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Nigel Miller, Chairman of Livestock Health Scotland

Nigel Miller

Nigel Miller, Chairman of Livestock Health Scotland stresses the importance of removing persistently infected animals from Scotland’s herds to assist in eradicating BVD.

Stop the cycle of infection  

Bovine Viral Diarrhoea (BVD), which erodes health and production within affected herds, is a resilient virus, infecting calves in the womb, creating a new generation of virus super-shedders.  These persistently infected (PIs) animals are the driving force of the disease, continually shedding high levels of virus, spreading infection within the herd and seeding new infections.

Detecting PI cattle and removing them from the herd is the key to eradication.

The Scottish BVD Eradication programme created a national framework to identify risk herds and incentivise the detection and removal of PIs.  The faster that process moves, the faster herds become free of the virus and the lower the risk of spread.

We are entering the toughest stage of BVD eradication in Scotland with now less than one in 10 herds affected in many regions, but PI calves are still being born and can quickly spread infection. To maintain the momentum of eradication BVD, PIs must be identified promptly and culled as quickly as possible. Tissue tag testing aids early detection and is an effective way of screening calves born to animals purchased in calf.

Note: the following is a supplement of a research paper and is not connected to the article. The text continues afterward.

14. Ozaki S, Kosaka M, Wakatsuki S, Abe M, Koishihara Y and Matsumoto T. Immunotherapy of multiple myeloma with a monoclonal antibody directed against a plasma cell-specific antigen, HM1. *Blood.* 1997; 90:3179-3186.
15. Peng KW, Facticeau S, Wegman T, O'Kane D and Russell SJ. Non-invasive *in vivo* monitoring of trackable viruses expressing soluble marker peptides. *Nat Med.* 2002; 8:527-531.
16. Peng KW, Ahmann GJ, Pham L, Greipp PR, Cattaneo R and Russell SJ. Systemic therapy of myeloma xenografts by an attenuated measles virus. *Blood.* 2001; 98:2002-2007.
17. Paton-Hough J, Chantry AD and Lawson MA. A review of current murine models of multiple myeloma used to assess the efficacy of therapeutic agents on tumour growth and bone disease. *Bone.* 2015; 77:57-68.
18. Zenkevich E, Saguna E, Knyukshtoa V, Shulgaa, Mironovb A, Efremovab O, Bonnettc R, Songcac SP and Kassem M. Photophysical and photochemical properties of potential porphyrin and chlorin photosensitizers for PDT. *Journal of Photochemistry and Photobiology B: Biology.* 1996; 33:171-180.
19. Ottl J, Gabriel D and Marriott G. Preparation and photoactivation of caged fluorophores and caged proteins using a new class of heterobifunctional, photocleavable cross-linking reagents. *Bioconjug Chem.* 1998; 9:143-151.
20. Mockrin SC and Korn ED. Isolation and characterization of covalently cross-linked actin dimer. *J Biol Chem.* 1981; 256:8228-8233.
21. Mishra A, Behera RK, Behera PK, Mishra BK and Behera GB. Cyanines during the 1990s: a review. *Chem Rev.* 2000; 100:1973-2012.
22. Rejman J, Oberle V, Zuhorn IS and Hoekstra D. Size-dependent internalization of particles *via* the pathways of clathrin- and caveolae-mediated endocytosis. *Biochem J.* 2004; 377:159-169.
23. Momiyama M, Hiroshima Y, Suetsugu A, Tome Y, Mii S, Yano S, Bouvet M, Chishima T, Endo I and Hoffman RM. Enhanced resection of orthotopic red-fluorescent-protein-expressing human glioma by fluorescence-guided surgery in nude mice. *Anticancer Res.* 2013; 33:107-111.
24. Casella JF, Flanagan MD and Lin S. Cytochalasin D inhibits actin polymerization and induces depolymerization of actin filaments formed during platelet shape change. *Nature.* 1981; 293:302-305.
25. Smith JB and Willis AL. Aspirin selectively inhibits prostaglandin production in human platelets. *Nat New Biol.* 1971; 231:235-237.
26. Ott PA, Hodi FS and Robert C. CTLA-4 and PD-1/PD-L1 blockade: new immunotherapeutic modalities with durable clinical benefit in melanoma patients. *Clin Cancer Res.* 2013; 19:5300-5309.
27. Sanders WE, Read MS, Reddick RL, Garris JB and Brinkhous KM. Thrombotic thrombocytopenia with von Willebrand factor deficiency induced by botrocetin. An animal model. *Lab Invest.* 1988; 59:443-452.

With spring turn out, and the bulling period approaching this is a crucial moment. It is vital to remove PI calves before the bulls start working to break the disease cycle and avoid a new generation of PI calves being born next year. It is important to ensure PI cattle do not go to grazing and pose a risk to all contact cattle, including neighbouring stock. Unless we get this right BVD will continue to fight back.

BVD is probably the number one production disease and eradication can be challenging in some herds especially when linked to complex management systems.  If eradication has not progressed well it is worth reviewing the testing approach with your vet, to ensure no PIs remain undetected, and that the risks linked to grazing away from home and bringing in new cattle are properly managed.

Phase 5 of the BVD scheme is now being developed, with guidance from the BVD Advisory Group. The aim will be to get tough on PI cattle and through more robust controls protect herds which are free of BVD virus.

Scottish Government has already added a new status to the BVD herd classification system, high risk herds that have retained PI cattle on the holding will now be classified as ‘positive herds’.  

This is a start of a tougher approach moving a heavier burden of control onto the herds which don’t actively drive BVD eradication and represent a risk to the health status of neighbouring stock. Those herds which slip into positive herd status can regain not-negative status by removing the BVD PI animals.

It is critical that we move eradication on quickly, being tough on BVD PIs is essential for us all.

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